Deal Makers Interview Series: Curt Cyliax
In the Deal Makers Series, we interview leaders, experts, and innovators in the Merger & Acquisition and the Private Equity space about how they get successful deals done. The series highlights perspectives of investors, corporate development executives, and buy and sell-side advisors working across industries and geographies.
For the fourth installment, we interviewed Curt Cyliax, Managing Director at Strategic Exit Advisors in Pennsylvania, an Investment Bank for entrepreneurs helping owners achieve their Ultimate Exit.
What is your current role, and can you tell us a little about how you got there?I am a Managing Director of a niche investment bank located outside of Philadelphia. We got into the business by bringing several solo practitioners together 15 years ago. After that, we all wanted to move upstream and work with bigger companies—so we did—and over the years, we have grown. We work for entrepreneurial owners who want to exit, and typically have a unique characteristic about their business or themselves that they want to preserve, and we help them achieve that. From a size standpoint, we work with companies (revenue-wise) from about $5 – $50 million, which is an enterprise value of about $10 to more than $50 million. I have spent 20 years in the industry and ten years doing this on my own, and just love making deals and helping people achieve what they want to achieve. We also tie in the emotional piece because when you sell a business, it is a draining process, and can also be an emotional one. This is evident especially when dealing with an owner/founder who starts a business and gets it to a successful level, or a later generation owner of a family business who must wait until the family member who owned it previously leaves this Earth before they can sell. So, when a child or management team doesn’t want it, and they want to sell it in a third market, that is where we come in.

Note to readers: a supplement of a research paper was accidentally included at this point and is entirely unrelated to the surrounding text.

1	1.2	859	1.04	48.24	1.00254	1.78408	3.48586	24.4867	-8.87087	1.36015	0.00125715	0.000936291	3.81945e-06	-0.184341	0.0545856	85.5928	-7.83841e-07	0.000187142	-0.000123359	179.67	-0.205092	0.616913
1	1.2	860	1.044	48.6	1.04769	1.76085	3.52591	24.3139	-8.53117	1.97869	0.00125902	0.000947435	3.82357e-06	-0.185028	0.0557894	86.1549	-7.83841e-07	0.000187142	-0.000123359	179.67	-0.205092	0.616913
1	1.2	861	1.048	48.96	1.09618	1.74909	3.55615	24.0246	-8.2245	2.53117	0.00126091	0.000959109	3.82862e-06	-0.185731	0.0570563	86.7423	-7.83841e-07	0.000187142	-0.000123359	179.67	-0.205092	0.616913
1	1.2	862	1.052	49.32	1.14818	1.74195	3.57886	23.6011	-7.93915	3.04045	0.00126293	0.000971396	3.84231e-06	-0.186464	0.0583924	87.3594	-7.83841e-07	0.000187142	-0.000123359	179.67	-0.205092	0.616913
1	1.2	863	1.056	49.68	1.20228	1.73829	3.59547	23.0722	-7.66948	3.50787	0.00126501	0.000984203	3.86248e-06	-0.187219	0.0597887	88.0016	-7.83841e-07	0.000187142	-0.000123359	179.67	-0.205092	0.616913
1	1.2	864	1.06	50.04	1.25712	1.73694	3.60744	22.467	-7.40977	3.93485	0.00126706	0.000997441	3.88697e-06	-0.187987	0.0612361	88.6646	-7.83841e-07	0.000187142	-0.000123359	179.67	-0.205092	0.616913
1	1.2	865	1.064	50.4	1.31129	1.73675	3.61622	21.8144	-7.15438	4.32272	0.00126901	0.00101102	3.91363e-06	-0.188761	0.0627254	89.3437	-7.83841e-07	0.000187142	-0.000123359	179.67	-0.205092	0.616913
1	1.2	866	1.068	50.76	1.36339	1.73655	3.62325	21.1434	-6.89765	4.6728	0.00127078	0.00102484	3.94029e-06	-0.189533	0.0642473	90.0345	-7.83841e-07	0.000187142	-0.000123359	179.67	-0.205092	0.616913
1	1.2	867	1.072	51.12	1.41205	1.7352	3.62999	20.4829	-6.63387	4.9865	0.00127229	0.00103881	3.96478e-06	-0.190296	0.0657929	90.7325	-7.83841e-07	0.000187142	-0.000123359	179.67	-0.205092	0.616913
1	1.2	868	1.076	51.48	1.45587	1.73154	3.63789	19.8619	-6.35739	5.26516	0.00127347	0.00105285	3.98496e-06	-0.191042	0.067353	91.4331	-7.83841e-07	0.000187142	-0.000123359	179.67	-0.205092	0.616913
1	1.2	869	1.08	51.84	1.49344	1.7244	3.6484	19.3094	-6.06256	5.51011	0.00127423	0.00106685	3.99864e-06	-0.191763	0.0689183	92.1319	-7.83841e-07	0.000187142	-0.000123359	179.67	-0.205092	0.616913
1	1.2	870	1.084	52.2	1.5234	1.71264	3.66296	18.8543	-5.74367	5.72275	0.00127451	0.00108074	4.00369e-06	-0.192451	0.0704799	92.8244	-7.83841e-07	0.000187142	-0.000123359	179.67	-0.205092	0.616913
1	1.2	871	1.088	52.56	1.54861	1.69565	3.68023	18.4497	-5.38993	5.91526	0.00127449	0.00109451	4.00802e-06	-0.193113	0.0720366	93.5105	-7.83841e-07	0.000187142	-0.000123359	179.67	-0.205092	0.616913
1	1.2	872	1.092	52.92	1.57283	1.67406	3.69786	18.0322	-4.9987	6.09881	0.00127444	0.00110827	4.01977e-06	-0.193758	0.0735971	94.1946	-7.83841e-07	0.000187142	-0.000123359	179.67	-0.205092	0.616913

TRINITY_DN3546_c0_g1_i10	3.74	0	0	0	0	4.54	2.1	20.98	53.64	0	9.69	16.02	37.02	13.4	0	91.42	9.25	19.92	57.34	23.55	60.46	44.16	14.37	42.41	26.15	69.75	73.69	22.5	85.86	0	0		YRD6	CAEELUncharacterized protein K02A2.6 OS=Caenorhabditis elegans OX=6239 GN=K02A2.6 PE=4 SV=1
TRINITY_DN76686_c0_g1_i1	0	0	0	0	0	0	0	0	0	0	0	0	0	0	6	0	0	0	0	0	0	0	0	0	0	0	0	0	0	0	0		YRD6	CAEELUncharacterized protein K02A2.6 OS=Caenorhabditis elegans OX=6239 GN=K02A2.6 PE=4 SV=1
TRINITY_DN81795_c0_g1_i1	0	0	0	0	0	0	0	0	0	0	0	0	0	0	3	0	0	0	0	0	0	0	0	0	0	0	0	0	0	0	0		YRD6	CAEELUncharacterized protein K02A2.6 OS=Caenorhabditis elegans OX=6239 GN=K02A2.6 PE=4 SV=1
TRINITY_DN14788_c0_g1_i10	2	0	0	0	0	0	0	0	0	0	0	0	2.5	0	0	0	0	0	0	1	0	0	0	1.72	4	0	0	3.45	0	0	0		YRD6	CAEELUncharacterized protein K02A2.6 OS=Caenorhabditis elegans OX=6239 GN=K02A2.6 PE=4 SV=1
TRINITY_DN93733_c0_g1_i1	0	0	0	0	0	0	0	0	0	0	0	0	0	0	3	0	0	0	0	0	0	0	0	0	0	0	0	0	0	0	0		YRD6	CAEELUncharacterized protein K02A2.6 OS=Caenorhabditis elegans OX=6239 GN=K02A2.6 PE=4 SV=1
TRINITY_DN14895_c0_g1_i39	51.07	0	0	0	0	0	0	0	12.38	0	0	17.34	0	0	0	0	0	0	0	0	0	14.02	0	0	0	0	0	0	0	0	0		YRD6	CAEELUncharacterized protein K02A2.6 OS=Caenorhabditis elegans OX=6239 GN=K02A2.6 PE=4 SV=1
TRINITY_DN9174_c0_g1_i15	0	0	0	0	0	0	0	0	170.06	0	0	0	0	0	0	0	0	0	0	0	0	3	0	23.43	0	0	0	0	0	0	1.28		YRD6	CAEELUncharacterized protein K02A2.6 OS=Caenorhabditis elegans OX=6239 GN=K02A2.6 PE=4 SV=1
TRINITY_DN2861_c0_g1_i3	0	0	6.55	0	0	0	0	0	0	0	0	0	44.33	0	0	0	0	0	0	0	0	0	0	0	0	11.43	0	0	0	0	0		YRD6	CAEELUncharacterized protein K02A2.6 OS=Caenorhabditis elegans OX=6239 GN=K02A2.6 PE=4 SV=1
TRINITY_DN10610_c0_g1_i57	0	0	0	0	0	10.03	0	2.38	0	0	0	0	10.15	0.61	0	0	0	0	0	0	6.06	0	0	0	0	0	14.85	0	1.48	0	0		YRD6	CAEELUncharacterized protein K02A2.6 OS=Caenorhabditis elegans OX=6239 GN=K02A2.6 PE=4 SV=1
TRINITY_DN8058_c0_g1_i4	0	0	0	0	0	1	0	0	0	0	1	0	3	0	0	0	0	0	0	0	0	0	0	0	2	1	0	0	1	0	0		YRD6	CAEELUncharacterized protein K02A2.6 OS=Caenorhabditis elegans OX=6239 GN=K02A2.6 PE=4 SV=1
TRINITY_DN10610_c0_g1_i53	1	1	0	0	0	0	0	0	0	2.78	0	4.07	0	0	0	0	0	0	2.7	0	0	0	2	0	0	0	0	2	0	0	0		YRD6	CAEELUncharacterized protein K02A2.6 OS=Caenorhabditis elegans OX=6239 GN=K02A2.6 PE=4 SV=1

When working with a typical client, what are the primary services you provide for them?
Our services consist of leveraging our experiences to help sell clients understand:
- What the value of their business is, and
- That the culture and people—the most critical assets—are taken care of.
We provide examples from situations where we have accomplished these goals. We are not dealing with a market segment where two companies are merging, and they are getting rid of many people due to duplication. We are typically dealing with a company that is an add-on to an existing company or platform, where a financial or strategic buyer puts more money into a business—regarding people, resources, and so on. We educate sellers on valuation, what a buyer looks like, and how a buyer will treat operations.